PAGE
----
We are in two minds now about the disaster that befell us. It doesn’t suit today’s narrative to recall how serious the crisis was, because to do so would necessarily involve some acknowledgement that our recovery — albeit uneven — has been better than anyone forecast. The narrative of the day is that most politicians are venal, self-serving, potentially corrupt and perversely dedicated to making things worse. At the same time, this narrative encourages focus on the casualties of what happened, but without context.

The insinuation persists that there was another way that somehow would not have involved such hardship or casualties. We have not been told what the other way might have looked like but it hangs in the ether like a bad smell. We could, of course, have defaulted but how many people really believe that default would have been a less damaging or less painful resolution?

Some of the emotion may have abated, but the debate will endure into the future. Given the depth of the financial crisis, it is perhaps surprising that more harm was not done to our democracy. Damage was certainly done, but I don’t think that we can conclude that there has been a breakdown in our democracy. The trust that is pivotal between citizen and state has been damaged, and confidence and public trust in our institutions negatively affected. The taxpayer has since paid millions to rebuild the Central Bank and restore confidence in the regulatory system. The Civil Service has striven to learn the lessons of the crash. Reforms at national and EU level have been put in place. Unfortunately it has not been so easy to restore confidence in our politics and in our political institutions. Nonetheless, we can’t conclude that democracy has broken down but the structure of our politics has been seriously fragmented.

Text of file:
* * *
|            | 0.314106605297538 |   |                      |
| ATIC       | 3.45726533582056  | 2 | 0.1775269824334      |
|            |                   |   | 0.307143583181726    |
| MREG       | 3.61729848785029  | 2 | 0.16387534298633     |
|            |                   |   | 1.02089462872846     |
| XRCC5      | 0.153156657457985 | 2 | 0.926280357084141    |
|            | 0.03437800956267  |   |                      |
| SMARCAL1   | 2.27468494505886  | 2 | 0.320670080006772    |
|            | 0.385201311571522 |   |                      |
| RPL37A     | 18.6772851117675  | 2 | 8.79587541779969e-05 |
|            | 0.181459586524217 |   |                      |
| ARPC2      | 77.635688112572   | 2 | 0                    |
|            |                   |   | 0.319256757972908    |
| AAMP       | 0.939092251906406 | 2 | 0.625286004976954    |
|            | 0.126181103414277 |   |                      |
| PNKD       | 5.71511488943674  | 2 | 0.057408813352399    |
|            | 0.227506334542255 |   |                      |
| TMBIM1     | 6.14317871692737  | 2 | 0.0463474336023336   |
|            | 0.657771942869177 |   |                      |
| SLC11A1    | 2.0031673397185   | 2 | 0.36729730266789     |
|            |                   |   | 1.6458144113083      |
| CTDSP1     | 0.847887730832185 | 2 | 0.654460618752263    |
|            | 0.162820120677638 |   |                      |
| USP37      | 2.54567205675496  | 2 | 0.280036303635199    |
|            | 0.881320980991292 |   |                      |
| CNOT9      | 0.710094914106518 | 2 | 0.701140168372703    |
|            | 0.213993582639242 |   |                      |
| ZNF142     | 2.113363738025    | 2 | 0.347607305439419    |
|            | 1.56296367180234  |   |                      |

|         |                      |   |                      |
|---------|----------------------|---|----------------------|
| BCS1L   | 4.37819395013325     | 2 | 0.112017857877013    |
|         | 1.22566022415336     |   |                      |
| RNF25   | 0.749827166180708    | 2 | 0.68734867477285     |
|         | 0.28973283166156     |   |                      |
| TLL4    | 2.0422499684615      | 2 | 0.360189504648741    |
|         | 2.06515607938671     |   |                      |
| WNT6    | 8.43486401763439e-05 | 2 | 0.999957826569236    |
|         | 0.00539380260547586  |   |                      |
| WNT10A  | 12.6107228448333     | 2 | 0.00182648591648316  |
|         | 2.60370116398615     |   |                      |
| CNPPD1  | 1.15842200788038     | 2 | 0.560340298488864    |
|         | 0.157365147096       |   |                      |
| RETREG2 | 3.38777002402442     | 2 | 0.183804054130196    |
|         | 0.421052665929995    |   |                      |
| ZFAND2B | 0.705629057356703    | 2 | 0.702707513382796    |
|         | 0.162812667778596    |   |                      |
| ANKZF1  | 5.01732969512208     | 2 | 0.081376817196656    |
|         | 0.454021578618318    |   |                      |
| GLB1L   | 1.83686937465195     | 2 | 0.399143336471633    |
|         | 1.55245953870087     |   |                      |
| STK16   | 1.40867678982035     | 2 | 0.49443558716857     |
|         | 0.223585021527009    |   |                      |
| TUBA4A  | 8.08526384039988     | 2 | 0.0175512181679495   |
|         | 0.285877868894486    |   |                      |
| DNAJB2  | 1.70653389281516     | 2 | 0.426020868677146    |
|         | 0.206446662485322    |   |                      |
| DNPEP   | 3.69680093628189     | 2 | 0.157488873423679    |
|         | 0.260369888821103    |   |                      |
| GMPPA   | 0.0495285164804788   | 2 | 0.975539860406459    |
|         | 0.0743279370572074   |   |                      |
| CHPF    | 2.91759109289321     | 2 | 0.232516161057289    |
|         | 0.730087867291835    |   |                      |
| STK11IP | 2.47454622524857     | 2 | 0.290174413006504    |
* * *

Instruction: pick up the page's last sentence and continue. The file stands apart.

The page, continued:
Globalisation and technology have lifted millions of people out of abject poverty, but have also contributed to greater inequality and income disparity. Economists are broadly agreed that the global financial crisis of 2007—2008 was the most serious crisis in capitalism since the crash of 1929. However, what is different is that on this occasion the crisis did not lead to a depression as devastating as the Great Depression that followed the 1929 crash. Principally, this is because on this occasion, governments and Central Banks acted to avoid the total collapse of the financial system. Nonetheless, the legacy of the crash lingers and some people suffered real hardship.

Modern societies must have entrepreneurs, innovation and invention. However, whereas technological progress has always created new jobs, it has also left jobs obsolescent in its wake. This has happened at the same time as the income gap between those at the top and the bottom has widened. This growing disparity in incomes and the concentration of unemployed redundant workers in former industrialised communities have bred serious discontent and alienation. Low incomes and stagnant wages and zero hour contracts have fuelled the discontent and the feeling of being left behind. Conventional politics is seen as having failed to adequately come up with solutions. The financial crash has worsened the sense of alienation.